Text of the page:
By Kennedy Maize
Oh! ye’ll take the high road and
I’ll take the low road,
And I’ll be in Scotland afore ye–
Old Scottish folk ballad
When it comes to climate legislation, the Obama administration has chosen the low road – administrative action by the Environmental Protection Agency. At the same time, the administration is also backing the high road – legislative action by the U.S. Congress.
My suspicion is that neither will get to Scotland. That’s a good thing.
I define the EPA’s proposed rule under the Clean Air Act as the “low road” because it is an attempt to skirt the processes that the country usually uses when confronting game-changing issues, such as global warming. Those are decisions traditionally made by the direct representatives of the people, the Congress. The approach of the administration – which appears to assume that legislation in Congress will fail — while approved by the Supreme Court, is still a stealth path to significant policy. It’s undemocratic by definition.
The administration proposes to regulate carbon dioxide using provisions in the air law, most recently amended in 1990, that provide vague authorities, twisted to accommodate the administration’s policy preferences, regardless of the views of the representatives of the people. The action presumes that Democratic and environmental activists know better than the American people about whether greenhouse gases are a problem.
The EPA route will involve a notice of proposed rulemaking, an extended comment period, and a promulgation of a final rule. Each step along the way will provide opportunities for parties on all sides of a very complex issue to sue the agency, clamoring for tests in the federal courts. It will be a policy dog’s dinner.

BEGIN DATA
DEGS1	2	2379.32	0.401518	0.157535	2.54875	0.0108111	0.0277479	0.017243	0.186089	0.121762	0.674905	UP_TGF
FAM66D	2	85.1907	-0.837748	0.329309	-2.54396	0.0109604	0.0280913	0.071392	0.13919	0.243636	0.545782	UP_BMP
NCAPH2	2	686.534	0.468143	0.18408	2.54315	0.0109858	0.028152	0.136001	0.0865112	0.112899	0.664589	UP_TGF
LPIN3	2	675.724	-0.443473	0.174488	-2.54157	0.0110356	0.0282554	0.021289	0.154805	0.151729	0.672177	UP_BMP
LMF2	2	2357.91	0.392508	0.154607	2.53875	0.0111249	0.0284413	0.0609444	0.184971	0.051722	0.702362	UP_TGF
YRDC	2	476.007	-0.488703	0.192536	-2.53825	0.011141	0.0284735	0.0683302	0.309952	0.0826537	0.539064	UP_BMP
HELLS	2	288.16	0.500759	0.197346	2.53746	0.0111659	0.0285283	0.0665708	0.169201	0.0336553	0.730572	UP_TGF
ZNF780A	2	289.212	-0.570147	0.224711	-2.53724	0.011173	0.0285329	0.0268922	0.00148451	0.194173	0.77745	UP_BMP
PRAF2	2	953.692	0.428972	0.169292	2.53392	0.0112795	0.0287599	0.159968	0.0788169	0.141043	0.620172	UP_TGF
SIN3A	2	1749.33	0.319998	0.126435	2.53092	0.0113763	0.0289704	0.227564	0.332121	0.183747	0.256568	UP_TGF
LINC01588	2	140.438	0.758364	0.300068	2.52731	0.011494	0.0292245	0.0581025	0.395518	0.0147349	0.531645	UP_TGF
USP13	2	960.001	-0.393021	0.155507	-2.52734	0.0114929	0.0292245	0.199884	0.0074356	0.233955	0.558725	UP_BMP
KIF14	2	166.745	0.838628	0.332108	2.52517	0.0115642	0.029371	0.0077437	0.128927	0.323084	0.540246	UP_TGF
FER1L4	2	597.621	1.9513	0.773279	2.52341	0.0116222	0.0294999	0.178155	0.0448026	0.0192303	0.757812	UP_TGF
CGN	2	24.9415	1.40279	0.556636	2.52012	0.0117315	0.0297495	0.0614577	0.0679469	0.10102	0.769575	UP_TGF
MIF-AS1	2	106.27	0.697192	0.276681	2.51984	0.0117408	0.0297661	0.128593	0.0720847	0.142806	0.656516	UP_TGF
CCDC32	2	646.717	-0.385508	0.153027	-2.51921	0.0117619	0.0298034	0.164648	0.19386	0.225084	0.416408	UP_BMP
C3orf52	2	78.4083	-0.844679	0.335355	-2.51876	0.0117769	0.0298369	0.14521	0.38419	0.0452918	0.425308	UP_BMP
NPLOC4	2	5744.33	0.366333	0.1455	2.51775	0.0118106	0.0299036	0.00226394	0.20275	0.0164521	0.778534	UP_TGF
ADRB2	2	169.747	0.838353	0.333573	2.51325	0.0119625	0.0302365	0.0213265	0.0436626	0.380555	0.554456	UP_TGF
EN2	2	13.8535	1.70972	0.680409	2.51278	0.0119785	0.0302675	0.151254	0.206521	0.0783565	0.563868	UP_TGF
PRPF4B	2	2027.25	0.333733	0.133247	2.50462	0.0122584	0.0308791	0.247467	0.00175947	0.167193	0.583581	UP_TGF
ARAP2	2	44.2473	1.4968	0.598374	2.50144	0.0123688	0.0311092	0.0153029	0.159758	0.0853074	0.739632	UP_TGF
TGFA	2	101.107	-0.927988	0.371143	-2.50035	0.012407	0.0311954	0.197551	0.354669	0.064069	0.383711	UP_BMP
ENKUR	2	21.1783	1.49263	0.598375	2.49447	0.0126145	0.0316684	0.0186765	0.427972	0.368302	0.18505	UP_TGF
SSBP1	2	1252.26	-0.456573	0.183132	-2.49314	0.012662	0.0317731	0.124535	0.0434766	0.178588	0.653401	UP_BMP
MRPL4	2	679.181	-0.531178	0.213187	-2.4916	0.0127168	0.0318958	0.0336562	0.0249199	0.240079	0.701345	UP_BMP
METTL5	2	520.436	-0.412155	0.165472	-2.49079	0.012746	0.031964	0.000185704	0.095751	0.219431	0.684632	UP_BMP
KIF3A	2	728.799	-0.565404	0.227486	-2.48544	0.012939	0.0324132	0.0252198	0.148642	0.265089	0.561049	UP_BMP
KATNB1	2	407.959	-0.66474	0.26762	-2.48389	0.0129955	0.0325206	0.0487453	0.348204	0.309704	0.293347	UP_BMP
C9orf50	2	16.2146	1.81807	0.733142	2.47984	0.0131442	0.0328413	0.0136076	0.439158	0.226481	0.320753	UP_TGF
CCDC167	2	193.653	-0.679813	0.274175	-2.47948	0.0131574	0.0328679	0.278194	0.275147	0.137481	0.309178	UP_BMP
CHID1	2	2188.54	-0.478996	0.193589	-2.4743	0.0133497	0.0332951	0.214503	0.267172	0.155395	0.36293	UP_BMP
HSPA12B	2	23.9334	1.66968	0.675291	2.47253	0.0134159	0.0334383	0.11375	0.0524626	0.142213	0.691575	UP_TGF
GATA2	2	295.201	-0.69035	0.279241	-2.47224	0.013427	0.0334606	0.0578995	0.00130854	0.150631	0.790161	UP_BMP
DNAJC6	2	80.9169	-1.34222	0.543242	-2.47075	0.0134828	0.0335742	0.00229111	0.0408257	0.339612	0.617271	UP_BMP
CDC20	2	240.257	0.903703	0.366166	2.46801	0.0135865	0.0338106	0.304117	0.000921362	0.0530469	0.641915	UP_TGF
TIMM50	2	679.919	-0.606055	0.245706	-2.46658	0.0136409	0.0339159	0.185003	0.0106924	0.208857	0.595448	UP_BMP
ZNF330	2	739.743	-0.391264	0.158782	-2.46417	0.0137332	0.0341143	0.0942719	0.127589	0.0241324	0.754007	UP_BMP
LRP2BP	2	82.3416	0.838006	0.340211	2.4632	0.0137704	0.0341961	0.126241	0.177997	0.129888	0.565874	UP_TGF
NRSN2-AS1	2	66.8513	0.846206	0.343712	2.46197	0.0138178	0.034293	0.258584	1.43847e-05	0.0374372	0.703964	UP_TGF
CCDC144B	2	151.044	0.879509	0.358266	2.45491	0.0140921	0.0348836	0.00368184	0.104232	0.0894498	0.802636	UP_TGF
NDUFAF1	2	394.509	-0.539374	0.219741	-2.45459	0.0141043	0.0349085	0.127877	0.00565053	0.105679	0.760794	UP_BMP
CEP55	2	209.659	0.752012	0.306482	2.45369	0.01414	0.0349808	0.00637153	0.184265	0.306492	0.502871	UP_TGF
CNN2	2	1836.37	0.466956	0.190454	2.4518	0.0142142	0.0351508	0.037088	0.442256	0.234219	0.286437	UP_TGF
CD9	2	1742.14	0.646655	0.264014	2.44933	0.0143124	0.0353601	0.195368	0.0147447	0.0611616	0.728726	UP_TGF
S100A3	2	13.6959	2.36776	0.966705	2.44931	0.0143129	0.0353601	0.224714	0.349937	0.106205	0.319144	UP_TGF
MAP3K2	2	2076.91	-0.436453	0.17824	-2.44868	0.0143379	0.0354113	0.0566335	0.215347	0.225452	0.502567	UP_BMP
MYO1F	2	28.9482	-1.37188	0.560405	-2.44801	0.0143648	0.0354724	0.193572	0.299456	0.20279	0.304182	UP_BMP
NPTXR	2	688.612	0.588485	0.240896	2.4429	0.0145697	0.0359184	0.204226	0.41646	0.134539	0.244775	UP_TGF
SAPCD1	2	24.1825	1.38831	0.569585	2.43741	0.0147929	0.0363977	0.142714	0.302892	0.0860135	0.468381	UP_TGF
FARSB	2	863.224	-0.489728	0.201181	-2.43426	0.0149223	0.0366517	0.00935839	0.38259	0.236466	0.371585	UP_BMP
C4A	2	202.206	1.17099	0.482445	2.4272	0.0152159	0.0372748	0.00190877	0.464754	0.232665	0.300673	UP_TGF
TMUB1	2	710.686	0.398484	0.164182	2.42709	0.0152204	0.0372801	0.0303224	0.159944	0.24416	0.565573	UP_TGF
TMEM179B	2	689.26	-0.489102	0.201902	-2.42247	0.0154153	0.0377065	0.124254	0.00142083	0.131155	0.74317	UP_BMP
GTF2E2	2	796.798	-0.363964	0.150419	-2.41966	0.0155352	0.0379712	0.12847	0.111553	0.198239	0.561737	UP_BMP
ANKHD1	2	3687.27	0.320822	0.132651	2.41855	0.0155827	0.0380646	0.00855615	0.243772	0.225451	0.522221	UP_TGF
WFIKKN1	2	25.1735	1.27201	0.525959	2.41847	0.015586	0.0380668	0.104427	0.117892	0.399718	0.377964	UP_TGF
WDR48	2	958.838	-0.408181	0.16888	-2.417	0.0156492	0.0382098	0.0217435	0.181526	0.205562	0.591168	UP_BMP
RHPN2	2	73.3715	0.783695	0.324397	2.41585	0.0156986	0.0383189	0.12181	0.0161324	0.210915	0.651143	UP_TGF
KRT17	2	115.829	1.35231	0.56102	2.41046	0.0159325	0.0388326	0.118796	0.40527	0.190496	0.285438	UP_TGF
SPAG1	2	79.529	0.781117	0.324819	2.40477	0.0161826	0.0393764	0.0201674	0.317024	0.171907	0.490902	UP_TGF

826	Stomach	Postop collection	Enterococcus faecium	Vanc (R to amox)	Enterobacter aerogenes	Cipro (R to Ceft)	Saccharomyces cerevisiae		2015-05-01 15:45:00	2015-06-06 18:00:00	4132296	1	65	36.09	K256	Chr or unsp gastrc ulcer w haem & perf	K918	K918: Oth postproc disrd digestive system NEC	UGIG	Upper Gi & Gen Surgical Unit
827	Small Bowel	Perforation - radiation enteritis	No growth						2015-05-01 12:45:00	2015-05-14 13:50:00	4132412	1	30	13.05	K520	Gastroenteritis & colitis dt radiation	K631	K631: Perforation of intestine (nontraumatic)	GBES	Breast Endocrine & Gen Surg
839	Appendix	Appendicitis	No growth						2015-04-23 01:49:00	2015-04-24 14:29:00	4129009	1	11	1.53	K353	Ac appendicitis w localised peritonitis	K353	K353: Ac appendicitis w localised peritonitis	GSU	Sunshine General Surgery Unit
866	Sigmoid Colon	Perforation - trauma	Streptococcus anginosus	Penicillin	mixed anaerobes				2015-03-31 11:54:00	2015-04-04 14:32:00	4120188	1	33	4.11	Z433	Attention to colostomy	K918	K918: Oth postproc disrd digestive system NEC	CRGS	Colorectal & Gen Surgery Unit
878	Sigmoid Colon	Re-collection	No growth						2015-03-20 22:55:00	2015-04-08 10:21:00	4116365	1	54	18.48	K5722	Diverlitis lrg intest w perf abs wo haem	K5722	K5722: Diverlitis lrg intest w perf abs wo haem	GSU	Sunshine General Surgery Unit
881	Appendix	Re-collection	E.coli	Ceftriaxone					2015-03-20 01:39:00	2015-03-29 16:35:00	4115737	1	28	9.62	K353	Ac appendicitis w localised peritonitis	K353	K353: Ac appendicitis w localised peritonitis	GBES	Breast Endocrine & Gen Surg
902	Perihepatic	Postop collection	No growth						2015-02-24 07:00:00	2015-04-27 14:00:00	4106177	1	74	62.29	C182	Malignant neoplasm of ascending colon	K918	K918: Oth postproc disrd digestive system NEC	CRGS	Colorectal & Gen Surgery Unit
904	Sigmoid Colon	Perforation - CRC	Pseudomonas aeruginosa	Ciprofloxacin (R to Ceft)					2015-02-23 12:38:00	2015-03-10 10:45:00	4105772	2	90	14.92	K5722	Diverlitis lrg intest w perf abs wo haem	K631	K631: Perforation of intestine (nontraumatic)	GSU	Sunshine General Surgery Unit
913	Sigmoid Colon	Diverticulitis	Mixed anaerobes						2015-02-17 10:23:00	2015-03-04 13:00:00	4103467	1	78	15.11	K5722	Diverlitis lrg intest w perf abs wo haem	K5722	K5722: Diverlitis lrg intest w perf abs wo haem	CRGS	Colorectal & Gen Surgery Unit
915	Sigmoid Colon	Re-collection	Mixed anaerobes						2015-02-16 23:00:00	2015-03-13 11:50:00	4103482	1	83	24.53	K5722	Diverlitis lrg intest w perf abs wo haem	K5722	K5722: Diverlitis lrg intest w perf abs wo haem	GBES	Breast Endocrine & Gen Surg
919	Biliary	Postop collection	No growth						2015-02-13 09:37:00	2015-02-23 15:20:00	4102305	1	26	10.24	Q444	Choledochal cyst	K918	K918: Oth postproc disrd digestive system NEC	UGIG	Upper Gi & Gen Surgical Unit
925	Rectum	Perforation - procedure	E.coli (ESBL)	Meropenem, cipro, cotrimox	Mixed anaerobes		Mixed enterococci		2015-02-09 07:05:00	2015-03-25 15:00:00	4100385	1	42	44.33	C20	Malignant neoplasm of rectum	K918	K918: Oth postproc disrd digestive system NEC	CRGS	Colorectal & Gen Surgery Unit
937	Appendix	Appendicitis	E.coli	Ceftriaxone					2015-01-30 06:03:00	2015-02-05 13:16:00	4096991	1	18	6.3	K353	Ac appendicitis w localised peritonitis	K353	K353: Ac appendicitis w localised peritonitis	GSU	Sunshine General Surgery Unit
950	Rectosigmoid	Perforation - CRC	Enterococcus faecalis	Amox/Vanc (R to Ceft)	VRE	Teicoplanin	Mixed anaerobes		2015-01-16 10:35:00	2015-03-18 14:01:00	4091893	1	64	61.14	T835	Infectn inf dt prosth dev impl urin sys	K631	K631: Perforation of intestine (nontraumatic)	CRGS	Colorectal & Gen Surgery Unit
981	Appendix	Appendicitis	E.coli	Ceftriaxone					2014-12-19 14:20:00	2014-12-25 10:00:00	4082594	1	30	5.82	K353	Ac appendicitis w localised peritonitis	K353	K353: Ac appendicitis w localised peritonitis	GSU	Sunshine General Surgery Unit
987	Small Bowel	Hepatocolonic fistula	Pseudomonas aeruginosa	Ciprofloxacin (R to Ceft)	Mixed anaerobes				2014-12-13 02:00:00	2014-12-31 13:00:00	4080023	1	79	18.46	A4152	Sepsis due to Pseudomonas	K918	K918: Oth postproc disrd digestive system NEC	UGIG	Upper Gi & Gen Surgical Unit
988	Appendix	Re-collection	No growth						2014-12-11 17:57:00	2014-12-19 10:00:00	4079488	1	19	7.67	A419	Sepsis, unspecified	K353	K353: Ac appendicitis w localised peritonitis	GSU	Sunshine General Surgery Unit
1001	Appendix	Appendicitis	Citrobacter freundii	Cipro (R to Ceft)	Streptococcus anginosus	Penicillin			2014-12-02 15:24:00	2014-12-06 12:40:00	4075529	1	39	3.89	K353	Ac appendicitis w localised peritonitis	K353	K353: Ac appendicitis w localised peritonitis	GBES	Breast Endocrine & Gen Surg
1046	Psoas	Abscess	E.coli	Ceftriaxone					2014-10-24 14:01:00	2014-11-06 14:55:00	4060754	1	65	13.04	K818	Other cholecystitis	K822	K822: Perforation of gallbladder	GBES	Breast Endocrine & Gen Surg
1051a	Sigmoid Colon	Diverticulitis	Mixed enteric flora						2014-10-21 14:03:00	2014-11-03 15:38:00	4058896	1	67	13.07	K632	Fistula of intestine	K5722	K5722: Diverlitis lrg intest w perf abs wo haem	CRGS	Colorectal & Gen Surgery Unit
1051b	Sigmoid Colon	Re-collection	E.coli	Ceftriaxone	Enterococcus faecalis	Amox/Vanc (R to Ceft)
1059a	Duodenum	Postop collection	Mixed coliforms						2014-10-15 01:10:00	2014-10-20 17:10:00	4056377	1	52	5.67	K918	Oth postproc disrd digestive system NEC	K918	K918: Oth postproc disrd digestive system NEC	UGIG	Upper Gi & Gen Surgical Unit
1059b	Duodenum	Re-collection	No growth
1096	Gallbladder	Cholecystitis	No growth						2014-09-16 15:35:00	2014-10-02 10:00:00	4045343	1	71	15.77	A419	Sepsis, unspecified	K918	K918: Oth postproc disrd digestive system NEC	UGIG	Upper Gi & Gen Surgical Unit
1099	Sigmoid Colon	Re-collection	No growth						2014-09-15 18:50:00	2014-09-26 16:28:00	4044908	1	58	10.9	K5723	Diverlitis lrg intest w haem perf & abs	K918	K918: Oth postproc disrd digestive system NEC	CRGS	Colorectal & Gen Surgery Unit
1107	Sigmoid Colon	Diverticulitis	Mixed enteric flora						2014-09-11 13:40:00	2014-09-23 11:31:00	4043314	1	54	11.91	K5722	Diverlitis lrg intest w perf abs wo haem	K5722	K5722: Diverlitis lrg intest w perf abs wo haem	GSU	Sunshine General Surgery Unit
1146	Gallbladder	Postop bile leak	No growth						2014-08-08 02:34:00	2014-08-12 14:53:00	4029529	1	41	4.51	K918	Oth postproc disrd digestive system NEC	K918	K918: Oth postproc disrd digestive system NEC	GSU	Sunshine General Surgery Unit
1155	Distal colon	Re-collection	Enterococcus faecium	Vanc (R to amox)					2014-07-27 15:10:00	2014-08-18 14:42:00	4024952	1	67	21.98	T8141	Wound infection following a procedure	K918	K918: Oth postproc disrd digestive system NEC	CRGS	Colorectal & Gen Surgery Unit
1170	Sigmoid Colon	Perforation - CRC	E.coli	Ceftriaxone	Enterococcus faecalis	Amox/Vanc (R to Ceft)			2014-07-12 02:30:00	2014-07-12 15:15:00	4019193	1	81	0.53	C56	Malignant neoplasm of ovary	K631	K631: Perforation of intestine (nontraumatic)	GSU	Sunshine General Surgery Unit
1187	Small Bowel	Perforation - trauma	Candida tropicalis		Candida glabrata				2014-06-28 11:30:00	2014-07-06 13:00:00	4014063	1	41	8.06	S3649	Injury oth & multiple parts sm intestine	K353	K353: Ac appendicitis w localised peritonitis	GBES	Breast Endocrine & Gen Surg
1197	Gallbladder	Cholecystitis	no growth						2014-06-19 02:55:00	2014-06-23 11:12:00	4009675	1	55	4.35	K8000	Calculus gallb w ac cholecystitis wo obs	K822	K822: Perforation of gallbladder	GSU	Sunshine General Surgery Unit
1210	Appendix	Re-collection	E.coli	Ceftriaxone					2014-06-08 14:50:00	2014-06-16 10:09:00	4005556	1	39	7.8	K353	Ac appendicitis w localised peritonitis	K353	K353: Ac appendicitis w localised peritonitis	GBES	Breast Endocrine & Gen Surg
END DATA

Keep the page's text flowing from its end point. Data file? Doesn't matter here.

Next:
The federal circuits likely will come up with differing opinions on the validity of the EPA’s proposed rules, leading to multiple decisions in the appeals circuits. That suggests an ultimate Supreme Court review. The crux of the EPA approach, given the constraints of the air law, is traditional command-and-control, focusing on rules for every major stationary CO2 emitter. Experience has shown that this approach, while it reduces pollution, is inefficient and costly, and may produce less environmental bang for the taxpayer buck
While many environmental groups favor that familiar approach, it’s not going to work. CO2 is not a criteria pollutant, and establishing arcane regulatory approaches such as “best available control technology,” “prevention of significant deterioration,” and “new source performance standards” just won’t get to the goals of the regulators. CO2 is a different air pollution duck, where the usual command-and-control conventions won’t work.